But I wasn’t writing for radio or anything. I was just writing Outlaw songs and revenge songs or whatever, and I came up with this body of work that was so exciting and fun. And when I went into the studio for my solo album, it was the same thing. I’m not trying to get these songs on the radio or anything else, and I realized, “This is really fun! I’m making music and completely free making music. And it feels and sounds great.” … I got real fired up, and then I was ready to make my album. Hell, I love doing this. It just kind of turned me loose.
It’s such a simple concept but yet so complicated.
I know. And for so long, I think with the success of Brand New Man, Ronnie and I were both so shocked. I mean, I’d been writing songs for a living for 10 years before I met him and had bad deals. And he had, too. We were both so shocked that it worked, we go, “OK, what is this? Why does this work, and what kind of music are we making?” With Hard Workin’ Man, we chased our tail a little bit. We were like, “Here’s what we’re doing. This is working. And, yeah, it worked again.”
So then we kind of branded what kind of songs we did, and I felt like we had a good diversity of material throughout our albums. At the same time, we did have some parameters of what two guys onstage are comfortable singing. … And we wrote that way. I always had in the back of my mind, “Does this work for Brooks & Dunn? Is this something Ronnie was going to like? Is this something he wants to sing?” And it took me a while to get that out of my head and to go, Dude, forget about it.” Really, doing that soundtrack really helped me get back to making music, or this album probably would have been different.
What are your expectations for the new album?
It’s wrong to say, “Not very high.” I guess that’s just in terms of sales. I’m a realist. Again, you want your music to be accepted, and you want people to buy your music. You’ve got a record company that believes in you, and they’ve invested in what I’m doing and have worked really hard. At the same time, the reality is that people have a lot of Brooks & Dunn music, this and that. They probably have some kind of preconceived notions of what this music will or won’t be. I think it’s just going to take time and work for me. I’ve got a great band. I’m really just having fun playing. I’m having fun hitting the stage every night.
Was there a point where Brooks & Dunn wasn’t fun?
No, I don’t think there was ever a point when it wasn’t fun. Fortunately, I had some hits along the way [as vocalist], so I do have those songs to play that people are familiar with. But it was getting to the point where Ronnie was obviously the voice for Brooks & Dunn. Really, at this point in my career, I wasn’t interested in being a side guy, just to play guitar for Ronnie. It was a good band and a good business, but we both kind of both started out singing here and there. It was a little more give and take, and it just sort of evolved into that. It wasn’t that we weren’t playing for big crowds or that I wasn’t still getting to sing three or four songs a night. But it wasn’t something I was anymore looking forward to and yearning to do. I think I wanted to contribute more. I think that’s the best way to say it.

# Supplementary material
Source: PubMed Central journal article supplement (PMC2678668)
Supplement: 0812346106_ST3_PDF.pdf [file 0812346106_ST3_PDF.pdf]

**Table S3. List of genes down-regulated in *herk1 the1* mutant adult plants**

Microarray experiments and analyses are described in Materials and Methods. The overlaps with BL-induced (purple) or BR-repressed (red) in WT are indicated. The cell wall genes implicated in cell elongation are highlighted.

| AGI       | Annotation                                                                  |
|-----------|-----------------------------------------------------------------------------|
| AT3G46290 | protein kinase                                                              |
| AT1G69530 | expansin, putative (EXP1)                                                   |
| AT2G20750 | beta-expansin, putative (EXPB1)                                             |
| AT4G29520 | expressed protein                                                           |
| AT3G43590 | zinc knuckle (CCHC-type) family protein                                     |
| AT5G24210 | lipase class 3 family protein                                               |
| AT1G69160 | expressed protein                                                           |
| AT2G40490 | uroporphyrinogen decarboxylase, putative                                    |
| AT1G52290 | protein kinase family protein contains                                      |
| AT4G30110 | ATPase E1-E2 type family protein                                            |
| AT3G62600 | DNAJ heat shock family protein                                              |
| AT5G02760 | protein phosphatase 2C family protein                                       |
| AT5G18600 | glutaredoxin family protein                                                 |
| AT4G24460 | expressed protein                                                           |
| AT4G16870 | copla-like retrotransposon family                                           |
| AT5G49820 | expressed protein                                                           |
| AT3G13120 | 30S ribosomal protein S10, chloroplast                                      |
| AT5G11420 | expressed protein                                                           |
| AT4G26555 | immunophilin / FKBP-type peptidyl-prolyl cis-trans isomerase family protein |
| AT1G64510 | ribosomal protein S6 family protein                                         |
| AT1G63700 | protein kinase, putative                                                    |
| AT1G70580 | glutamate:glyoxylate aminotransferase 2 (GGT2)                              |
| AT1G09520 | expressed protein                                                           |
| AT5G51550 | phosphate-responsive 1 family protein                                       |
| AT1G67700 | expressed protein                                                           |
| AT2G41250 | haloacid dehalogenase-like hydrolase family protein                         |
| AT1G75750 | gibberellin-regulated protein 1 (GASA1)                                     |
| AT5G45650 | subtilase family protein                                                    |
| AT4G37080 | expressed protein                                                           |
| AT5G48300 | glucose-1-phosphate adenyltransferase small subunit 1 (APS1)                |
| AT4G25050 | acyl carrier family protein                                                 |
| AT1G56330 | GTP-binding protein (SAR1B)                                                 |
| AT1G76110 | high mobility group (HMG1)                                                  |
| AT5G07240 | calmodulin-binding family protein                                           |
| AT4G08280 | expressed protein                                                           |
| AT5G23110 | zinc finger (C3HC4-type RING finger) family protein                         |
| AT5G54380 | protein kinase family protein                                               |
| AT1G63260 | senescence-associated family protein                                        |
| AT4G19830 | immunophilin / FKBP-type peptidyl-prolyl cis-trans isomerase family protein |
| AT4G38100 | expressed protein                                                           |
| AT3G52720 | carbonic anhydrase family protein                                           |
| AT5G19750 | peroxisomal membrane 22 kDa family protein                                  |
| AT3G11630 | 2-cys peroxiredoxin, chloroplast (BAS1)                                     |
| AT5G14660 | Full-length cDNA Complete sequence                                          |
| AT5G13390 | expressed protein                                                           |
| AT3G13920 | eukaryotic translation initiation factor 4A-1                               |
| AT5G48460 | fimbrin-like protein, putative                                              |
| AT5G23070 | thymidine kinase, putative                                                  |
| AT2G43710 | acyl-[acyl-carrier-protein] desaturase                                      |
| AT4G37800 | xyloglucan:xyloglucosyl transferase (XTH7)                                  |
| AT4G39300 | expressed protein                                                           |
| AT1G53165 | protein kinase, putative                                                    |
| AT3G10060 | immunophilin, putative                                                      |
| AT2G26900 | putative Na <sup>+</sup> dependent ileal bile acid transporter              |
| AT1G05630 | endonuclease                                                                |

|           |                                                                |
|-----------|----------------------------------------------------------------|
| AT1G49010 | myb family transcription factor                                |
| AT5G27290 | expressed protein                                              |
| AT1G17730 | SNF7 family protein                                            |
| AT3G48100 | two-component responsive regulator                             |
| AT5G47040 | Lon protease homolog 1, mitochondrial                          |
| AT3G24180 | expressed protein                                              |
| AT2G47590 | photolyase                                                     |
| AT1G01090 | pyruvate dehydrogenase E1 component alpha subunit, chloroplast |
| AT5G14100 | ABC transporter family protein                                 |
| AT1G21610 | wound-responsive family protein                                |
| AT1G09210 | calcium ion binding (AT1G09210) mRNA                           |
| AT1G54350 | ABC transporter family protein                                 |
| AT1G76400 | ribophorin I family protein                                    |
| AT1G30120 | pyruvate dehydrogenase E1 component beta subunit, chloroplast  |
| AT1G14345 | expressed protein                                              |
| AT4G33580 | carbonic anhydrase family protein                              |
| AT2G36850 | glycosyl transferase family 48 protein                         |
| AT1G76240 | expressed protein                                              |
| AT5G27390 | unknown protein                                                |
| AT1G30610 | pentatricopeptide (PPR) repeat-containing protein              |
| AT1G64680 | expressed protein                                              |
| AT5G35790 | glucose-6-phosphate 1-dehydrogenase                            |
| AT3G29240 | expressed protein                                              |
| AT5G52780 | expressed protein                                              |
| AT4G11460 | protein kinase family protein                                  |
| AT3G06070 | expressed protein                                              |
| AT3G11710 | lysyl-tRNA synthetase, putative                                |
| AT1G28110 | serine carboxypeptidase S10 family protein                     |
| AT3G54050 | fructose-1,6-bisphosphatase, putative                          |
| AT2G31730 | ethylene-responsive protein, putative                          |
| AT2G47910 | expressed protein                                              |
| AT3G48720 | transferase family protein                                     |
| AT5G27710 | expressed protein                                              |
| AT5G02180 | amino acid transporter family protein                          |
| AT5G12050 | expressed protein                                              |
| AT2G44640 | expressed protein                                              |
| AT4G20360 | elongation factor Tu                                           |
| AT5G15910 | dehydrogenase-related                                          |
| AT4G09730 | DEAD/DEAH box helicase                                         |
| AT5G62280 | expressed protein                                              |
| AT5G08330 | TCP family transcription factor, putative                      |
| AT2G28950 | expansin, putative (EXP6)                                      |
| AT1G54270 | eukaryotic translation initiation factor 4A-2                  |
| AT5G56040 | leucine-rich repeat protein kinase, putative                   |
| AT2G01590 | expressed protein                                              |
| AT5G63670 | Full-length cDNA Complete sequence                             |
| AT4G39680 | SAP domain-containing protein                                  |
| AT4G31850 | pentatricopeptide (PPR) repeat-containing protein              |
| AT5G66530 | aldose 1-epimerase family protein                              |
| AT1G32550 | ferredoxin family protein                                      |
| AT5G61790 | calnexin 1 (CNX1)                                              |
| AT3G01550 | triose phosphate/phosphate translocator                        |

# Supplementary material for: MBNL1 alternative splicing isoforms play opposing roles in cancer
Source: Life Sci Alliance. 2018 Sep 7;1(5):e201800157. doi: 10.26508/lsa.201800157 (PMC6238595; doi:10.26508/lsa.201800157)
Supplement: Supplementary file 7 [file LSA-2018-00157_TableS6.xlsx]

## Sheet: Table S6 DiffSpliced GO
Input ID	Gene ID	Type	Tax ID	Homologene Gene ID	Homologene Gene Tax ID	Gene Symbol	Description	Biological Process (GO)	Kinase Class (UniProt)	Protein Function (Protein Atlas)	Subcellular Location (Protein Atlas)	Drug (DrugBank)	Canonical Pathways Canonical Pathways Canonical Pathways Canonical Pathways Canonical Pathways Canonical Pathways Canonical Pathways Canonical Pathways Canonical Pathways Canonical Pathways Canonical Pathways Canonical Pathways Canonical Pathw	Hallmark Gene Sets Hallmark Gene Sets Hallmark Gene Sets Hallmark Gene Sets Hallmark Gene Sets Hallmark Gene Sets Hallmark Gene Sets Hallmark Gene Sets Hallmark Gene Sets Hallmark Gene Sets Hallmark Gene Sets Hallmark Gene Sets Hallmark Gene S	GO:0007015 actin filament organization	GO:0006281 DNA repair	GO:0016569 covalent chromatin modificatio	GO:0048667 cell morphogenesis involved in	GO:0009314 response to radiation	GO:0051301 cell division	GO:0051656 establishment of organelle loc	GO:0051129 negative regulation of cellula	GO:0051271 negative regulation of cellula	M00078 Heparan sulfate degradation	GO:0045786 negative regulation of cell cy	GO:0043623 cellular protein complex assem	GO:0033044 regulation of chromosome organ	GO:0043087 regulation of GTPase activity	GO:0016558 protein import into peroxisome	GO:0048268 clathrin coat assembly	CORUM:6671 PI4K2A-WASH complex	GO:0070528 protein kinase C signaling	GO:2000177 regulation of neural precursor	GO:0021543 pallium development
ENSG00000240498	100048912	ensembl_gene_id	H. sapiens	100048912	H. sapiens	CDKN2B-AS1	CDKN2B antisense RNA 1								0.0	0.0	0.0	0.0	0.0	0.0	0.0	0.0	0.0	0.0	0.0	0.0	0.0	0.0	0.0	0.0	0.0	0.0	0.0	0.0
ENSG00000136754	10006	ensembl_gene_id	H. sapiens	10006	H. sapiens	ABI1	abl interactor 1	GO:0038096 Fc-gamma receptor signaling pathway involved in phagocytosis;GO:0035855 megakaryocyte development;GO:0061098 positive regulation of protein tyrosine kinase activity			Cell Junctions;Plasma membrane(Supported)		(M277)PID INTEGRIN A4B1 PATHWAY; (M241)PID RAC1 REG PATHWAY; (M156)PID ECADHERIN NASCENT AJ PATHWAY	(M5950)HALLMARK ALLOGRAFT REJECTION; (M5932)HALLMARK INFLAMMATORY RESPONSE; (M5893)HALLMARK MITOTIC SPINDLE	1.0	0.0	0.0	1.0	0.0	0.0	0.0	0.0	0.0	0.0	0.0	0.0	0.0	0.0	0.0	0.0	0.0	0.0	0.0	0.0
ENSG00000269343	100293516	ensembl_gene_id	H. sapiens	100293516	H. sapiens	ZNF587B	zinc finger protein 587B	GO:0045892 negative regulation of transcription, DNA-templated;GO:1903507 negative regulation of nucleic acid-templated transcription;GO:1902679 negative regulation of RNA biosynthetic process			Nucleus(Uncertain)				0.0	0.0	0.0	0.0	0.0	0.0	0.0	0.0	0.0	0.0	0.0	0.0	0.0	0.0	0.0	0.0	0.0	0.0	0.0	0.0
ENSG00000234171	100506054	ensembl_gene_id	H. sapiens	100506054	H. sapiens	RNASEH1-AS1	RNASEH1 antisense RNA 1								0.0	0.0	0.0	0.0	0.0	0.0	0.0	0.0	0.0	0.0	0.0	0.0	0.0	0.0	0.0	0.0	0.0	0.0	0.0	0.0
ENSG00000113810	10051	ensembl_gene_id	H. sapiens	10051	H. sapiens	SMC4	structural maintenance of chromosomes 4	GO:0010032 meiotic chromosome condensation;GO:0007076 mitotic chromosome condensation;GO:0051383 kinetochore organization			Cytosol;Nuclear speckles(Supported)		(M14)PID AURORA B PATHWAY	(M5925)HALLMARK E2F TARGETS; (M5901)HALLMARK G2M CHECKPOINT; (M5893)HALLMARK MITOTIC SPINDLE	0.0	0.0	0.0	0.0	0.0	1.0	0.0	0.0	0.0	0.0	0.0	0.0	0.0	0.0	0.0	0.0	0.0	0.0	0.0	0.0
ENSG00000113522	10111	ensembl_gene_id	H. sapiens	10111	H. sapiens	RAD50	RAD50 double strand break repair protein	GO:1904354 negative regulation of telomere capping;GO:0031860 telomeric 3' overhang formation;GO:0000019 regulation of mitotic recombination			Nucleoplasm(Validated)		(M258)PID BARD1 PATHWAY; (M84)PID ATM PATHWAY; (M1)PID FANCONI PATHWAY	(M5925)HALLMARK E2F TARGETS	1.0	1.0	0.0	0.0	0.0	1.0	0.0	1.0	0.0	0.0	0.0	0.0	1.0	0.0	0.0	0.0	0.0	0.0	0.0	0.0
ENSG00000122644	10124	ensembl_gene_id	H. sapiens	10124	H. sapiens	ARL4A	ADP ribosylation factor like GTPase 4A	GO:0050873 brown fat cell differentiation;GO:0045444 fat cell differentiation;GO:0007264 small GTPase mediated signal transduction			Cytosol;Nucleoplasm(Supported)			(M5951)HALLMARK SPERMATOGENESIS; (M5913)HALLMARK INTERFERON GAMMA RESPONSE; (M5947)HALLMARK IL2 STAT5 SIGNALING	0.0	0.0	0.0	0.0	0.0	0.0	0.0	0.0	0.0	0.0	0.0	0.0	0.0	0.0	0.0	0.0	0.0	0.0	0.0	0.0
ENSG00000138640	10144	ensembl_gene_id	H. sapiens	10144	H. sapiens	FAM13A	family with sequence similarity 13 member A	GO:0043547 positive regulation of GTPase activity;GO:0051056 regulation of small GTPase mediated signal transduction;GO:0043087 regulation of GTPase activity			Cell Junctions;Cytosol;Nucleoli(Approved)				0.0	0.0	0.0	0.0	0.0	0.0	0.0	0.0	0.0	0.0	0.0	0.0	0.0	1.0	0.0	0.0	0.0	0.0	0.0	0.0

I’m sure it was great once you were onstage, but did it ever start feeling like a job?
I can’t really say that it did, honestly. I still would wake up and pinch myself in a parking lot, going, “I get to go play golf, and I get to play music tonight. This is what I do — and God bless me for this opportunity.” It wasn’t an ego thing with Ronnie. I admire his singing. There were plenty of nights onstage when I’d just shake my head, going “What pipes this guy has got!”
At the same time, the growing up where I did in Louisiana, the people I really admired were Guy Clark and Jerry Jeff Walker and Willis Alan Ramsey and even Johnny Cash and Roger Miller and Tom T. Hall — those great storytellers. That’s what I wanted to be. I still remember Cash doing “John Henry,” just talking it onstage, and I’m thinking, “That’s what I want to do.” I never aspired to be a crooner. I never had that voice or anything, but I always loved telling a story onstage and looking at the eyes of the audience and going, “We’re connecting. This is fun.” And I kind of missed it. I wasn’t doing that anymore. I wasn’t having that opportunity anymore.
Again, it wasn’t about ego. It wasn’t that I was envious of Ronnie. That was really cool. It was like I wasn’t getting what I wanted to do. So it’s kind of fun now to get back and play — even in clubs — after that first couple of nights where you go, “Crap! I’ve got to sing the next song — and the next one, too.”